The Baltimore Symphony Orchestra announced on Thursday its appointment of 29-year-old Jonathon Heyward as its music director, concluding an extensive search that commenced following the exit last August of its longtime director, Marin Alsop.
“This is a dream that I’ve had since I was 14 years old,” Heyward said by phone on Thursday. “I remember writing in the school newspaper that what I wanted to do when I grew up was to be a music director of a symphony orchestra. So the anticipation that has come from this, I think ‘awe’ is the way to describe it.”
Heyward made his debut in March of this year, leading a program that included Hannah Kendall’s “The Spark Catchers,” a run through Beethoven’s Piano Concerto No. 3 with British pianist Benjamin Grosvenor, and the BSO premiere of Shostakovich’s 15th symphony, a performance described by percussionist and Players’ Committee Chair Brian Prechtl as “magic.”
“Jonathon’s unique programming, strong communication skills, and ability to push the orchestra with new ideas demonstrated some of the most important musical traits we’ve been looking for in a music director,” Prechtl wrote in a statement. Heyward has also previously been featured in the BSO’s ongoing digital series “BSO Sessions.”
Originally trained as a cellist starting at the age of 10, Heyward embarked shortly thereafter on his conducting life, when a substitute teacher pulled his name from a hat to lead his school’s orchestra. He has previously served as assistant conductor of the Manchester, England-based Hallé Orchestra, and has made well-received appearances Stateside with the Atlanta, Detroit and San Diego symphony orchestras, with forthcoming debuts in Houston and St. Louis. Heyward made his Wolf Trap debut this month leading the National Symphony Orchestra in a program of Beethoven, Bologne and NSO composer-in-residence, Carlos Simon.
Mark Hanson, named chief executive of the orchestra in April, heralded the selection of Heyward — unanimous among a search committee made up of BSO musicians, staff and community members — as “incredibly inspirational and aspirational” in a statement.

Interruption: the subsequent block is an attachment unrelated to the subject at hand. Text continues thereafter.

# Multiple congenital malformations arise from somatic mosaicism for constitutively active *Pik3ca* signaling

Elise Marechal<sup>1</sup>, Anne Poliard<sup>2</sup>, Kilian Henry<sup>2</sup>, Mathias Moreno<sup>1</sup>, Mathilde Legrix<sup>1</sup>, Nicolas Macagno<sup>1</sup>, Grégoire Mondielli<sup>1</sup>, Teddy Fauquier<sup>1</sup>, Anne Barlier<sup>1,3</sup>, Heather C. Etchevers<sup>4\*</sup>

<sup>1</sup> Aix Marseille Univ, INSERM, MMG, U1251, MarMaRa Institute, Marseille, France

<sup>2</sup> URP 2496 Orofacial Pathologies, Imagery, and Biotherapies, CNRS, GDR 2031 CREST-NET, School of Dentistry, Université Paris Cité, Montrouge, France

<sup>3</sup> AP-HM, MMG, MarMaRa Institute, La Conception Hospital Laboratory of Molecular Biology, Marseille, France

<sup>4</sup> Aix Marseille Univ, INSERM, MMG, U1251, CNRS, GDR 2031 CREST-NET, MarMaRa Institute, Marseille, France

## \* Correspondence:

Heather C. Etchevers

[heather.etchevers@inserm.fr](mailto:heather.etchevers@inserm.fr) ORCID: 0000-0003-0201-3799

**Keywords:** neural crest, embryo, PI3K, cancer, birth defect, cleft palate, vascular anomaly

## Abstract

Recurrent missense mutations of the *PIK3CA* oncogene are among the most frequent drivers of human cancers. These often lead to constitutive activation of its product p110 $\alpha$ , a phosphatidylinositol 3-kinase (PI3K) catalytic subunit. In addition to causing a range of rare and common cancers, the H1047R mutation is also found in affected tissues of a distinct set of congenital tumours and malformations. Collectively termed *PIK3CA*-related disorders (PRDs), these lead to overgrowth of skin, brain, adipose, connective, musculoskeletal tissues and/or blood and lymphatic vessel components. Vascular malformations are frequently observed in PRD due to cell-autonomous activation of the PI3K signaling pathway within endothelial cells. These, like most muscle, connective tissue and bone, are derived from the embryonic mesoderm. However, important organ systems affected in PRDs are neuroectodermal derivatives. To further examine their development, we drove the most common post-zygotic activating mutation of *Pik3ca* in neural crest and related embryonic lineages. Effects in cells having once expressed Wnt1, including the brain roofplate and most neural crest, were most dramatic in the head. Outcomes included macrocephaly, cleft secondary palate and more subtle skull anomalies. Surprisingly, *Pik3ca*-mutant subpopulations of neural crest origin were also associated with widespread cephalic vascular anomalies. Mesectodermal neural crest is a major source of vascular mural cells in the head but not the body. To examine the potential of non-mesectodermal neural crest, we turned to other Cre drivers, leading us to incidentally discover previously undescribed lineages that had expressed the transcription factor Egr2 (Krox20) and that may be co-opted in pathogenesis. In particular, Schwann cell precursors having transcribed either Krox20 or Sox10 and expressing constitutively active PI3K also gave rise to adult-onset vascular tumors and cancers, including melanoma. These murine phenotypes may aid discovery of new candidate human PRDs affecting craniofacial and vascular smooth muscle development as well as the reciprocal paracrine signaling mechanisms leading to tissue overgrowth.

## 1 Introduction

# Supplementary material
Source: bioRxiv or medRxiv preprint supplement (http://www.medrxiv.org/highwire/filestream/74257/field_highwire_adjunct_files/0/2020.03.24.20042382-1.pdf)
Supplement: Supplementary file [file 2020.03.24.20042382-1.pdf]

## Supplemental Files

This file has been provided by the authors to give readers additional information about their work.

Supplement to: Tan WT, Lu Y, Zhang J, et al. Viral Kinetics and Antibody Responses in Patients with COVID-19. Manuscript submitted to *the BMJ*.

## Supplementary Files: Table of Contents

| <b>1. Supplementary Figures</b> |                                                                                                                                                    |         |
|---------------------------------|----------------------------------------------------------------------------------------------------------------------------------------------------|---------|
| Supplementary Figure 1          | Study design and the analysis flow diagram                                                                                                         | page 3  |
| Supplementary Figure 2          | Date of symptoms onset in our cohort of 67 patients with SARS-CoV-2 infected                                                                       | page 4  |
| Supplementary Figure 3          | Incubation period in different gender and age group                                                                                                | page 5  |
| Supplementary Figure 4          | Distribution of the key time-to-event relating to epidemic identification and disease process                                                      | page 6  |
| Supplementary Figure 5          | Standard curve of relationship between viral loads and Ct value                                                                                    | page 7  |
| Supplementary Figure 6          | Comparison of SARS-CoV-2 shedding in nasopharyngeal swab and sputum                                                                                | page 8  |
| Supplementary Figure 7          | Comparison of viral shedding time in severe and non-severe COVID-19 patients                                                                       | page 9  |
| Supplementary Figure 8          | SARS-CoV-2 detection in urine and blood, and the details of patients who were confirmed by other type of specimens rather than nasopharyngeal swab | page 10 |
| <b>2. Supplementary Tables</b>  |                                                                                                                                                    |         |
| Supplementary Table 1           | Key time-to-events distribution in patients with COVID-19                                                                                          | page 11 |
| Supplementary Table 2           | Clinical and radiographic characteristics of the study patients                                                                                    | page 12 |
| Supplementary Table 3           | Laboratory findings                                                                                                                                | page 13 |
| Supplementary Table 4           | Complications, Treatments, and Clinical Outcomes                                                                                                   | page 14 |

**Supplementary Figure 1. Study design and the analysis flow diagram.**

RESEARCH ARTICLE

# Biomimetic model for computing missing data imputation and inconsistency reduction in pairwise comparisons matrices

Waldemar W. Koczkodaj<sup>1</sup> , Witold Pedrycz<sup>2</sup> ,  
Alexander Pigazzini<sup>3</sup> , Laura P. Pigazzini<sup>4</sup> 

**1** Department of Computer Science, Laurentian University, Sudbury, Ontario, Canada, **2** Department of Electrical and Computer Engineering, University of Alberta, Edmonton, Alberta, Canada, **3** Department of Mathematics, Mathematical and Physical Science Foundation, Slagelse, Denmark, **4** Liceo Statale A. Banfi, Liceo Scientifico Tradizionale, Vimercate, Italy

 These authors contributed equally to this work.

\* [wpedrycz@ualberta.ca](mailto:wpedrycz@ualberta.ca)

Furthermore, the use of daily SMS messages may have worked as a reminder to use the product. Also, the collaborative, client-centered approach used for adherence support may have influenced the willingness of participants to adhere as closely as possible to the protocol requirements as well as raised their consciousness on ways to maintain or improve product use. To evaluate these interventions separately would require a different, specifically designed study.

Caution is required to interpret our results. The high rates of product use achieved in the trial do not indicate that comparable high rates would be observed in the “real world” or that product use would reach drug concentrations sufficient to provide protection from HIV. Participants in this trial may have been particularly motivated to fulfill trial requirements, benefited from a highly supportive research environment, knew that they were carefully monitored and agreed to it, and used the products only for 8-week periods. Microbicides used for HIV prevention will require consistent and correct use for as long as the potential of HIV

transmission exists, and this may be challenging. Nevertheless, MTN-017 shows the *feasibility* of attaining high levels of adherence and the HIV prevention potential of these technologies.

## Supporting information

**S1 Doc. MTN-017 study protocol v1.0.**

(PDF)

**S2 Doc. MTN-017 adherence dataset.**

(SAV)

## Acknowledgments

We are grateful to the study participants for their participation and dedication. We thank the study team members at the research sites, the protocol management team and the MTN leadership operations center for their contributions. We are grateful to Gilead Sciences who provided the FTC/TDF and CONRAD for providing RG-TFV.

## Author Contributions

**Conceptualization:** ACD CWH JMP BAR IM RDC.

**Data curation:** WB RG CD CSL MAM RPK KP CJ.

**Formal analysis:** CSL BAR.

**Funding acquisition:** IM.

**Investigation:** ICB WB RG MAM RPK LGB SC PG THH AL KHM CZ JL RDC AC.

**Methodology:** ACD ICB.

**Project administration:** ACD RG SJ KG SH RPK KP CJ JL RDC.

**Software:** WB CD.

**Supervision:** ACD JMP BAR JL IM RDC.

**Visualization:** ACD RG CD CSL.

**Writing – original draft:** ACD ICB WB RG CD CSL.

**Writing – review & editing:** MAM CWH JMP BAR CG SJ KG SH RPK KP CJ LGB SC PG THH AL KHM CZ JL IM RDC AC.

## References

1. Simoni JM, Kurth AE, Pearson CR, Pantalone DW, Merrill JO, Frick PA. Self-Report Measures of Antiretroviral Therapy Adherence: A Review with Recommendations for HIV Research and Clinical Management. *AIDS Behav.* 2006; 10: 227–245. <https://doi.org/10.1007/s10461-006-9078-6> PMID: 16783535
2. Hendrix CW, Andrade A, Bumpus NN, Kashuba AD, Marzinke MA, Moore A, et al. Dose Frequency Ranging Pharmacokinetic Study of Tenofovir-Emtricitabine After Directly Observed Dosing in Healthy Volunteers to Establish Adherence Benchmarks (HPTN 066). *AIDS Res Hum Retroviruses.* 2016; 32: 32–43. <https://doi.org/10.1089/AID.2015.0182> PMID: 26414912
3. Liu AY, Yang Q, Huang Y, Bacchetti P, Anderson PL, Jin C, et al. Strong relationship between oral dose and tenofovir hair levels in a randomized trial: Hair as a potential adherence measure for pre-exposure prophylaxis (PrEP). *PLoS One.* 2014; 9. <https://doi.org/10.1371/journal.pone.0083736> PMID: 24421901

“We are inspired by his artistry, passion, and vision for the BSO, as well as for what his appointment means for budding musicians who will see themselves better reflected in such a position of artistic prominence,” Hanson wrote. “At the same time, he is a star on the rise, and his vibrant talent, bold programming, and fervent commitment to community engagement will continue to grow our relationship with the many communities across Maryland.”
The BSO has made its search for a new conductor something of a public affair, with a string of guest conductors stepping in to lead the orchestra over the course of its past two seasons, a presumable short list that included Heyward, Rune Bergmann, Robert Trevino, Kevin John Edusei, Peter Oundjian, Kwamé Ryan, Matthias Pintscher and Christian Reif.
Heyward’s appointment comes at a transformational moment for the orchestra. After weathering budget crises and lockouts in 2019 and the departure of Alsop after her 14 year-tenure as director, the orchestra has brought on new leadership in the form of Hanson, who previously served tenures leading the San Francisco and the Houston Symphony Orchestra, and raised eyebrows with subscribers this month when it canceled 10 forthcoming concert dates at Meyerhoff Symphony Hall in an effort to “maximize attendance” and “create room in the schedule for new concerts and partnerships.” (The number of BSO concerts scheduled for its secondary home at Strathmore remains unchanged.)
His hire also comes at a time of cultural change in Baltimore, as a number of the city’s cultural institutions have brought on Black leadership, including Jenenne Whitfield’s recent appointment as director of the American Visionary Art Museum, James D. Thornton’s naming as board chair of the Baltimore Museum of Art, and the Walters Art Museum naming James DeGraffenreidt Jr. as chair of its board. Baltimore’s population is 62 percent black, making Heyward’s appointment not just an indicator of the orchestra’s new direction, but a reflection of the city’s cultural identity.
“There’s no secret that the visibility of African American or people of color as leaders in a community where there are mainly African Americans or people of color, that in itself is powerful,” Heyward said, recalling his own feelings after the 2008 election of President Barack Obama. “There is a moment where you look up at a leader and you recognize that, and you see potential.”
Heyward said his primary concern in his new role is increasing the visibility of the orchestra through programming and also through presence. Alsop’s tenure introduced the wildly successful OrchKids program to Baltimore, and Heyward intends to expand similar efforts to bring the BSO and its immediate community more closely together. (In an email on Thursday, Alsop wrote that she is “Thrilled for Jonathon — thrilled for Baltimore!”)
“My biggest challenge to myself is to challenge anyone’s perception that classical music isn’t for them,” Heyward said. “We have this stereotype about classical music that confuses me in a lot of ways. I hope just by being on the podium — 29, half African American, half Eastern European — that maybe that in itself will break boundaries and break the perception that this music is for a particular group of people.”